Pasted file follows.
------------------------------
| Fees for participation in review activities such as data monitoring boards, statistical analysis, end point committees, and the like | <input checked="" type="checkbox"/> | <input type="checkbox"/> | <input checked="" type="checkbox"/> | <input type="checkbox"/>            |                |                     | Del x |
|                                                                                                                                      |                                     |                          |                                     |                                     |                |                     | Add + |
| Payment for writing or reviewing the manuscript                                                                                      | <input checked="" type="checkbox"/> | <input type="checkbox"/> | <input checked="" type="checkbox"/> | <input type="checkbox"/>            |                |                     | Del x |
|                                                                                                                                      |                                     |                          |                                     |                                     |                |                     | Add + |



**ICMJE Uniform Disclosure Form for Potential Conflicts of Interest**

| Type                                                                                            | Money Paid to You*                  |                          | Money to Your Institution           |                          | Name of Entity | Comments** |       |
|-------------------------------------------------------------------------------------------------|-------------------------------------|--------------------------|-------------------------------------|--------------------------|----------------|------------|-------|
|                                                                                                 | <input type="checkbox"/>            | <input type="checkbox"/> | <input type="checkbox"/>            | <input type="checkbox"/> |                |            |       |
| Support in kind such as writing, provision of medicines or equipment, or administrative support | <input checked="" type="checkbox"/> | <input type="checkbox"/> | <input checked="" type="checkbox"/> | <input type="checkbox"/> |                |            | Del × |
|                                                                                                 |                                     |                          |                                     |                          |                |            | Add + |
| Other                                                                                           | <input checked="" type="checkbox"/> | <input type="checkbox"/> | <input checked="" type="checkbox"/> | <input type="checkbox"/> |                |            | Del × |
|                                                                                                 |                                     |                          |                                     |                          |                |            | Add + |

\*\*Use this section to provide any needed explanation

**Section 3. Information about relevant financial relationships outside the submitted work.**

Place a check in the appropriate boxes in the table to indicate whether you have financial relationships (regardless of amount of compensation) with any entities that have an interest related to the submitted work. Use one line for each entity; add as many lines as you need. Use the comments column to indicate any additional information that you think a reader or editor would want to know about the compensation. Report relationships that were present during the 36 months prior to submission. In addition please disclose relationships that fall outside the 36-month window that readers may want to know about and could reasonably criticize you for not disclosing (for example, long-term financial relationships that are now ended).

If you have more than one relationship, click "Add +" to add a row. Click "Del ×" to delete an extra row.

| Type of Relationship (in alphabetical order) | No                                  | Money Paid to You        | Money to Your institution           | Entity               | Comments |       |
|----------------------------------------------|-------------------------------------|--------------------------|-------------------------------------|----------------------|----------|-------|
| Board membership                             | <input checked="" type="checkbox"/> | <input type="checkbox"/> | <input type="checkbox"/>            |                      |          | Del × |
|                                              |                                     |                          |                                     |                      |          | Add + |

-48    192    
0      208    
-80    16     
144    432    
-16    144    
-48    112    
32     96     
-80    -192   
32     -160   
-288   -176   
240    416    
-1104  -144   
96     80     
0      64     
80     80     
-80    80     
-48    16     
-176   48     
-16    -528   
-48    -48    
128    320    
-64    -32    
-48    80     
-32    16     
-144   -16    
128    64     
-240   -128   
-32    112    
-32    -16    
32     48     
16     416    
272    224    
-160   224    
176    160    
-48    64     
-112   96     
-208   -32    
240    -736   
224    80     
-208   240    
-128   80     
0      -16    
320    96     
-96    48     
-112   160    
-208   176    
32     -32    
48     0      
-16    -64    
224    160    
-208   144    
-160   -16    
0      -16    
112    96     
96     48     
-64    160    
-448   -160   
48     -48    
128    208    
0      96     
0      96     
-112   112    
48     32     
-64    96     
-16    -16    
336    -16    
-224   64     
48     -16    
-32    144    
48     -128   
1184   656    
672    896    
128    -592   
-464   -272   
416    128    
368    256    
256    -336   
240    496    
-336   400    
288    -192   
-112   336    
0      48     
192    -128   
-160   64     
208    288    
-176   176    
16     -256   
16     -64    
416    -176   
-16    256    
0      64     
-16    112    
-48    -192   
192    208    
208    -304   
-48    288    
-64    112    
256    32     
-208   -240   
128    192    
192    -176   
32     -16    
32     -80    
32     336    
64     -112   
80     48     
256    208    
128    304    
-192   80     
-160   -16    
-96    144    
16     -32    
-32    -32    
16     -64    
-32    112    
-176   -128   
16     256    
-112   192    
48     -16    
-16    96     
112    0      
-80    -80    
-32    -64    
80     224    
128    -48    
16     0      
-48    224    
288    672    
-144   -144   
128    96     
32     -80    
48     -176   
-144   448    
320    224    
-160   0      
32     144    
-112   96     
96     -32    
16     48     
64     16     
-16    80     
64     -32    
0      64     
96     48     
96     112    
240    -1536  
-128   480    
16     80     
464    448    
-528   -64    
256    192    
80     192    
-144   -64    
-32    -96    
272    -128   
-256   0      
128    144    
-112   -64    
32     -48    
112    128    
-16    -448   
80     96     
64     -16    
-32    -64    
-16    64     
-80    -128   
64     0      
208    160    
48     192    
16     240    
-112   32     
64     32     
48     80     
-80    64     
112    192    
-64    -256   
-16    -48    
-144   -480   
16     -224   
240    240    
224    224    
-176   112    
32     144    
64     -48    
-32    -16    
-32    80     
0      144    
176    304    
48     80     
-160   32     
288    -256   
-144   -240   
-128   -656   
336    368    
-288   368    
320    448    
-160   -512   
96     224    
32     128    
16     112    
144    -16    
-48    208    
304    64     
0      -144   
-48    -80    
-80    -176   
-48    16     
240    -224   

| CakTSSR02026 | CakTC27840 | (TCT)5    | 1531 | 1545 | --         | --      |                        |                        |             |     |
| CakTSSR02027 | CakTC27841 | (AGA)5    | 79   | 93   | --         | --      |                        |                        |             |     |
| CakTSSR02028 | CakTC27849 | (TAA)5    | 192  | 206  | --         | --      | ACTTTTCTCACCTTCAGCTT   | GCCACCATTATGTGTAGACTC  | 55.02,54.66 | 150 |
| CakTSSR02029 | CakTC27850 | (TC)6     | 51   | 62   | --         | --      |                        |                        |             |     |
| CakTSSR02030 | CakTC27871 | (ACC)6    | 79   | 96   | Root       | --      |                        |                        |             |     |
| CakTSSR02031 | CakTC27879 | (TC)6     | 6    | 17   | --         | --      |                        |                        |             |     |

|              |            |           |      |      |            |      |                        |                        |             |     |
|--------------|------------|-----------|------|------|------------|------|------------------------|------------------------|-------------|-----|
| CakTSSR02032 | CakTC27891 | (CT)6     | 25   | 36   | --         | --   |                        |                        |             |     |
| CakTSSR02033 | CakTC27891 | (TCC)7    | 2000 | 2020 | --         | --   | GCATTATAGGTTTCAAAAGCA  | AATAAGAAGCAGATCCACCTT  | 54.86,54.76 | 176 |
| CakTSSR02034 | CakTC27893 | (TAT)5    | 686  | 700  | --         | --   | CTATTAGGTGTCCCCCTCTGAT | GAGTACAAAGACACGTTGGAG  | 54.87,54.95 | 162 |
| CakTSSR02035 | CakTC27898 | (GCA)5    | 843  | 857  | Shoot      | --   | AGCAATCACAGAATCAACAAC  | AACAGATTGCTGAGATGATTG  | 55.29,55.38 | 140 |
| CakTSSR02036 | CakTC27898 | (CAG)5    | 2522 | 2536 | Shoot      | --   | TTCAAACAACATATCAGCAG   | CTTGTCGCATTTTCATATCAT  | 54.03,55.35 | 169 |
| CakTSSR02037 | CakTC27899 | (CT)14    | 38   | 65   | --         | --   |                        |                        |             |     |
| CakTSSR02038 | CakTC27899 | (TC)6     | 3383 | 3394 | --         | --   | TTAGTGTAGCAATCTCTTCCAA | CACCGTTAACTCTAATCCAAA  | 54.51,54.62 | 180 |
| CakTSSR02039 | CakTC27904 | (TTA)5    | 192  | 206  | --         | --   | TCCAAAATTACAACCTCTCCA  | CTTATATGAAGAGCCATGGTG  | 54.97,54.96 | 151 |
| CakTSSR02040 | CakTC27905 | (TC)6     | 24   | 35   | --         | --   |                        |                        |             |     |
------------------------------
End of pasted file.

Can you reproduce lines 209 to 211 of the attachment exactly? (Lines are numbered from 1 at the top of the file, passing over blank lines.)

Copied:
48     80     
-160   32     
288    -256   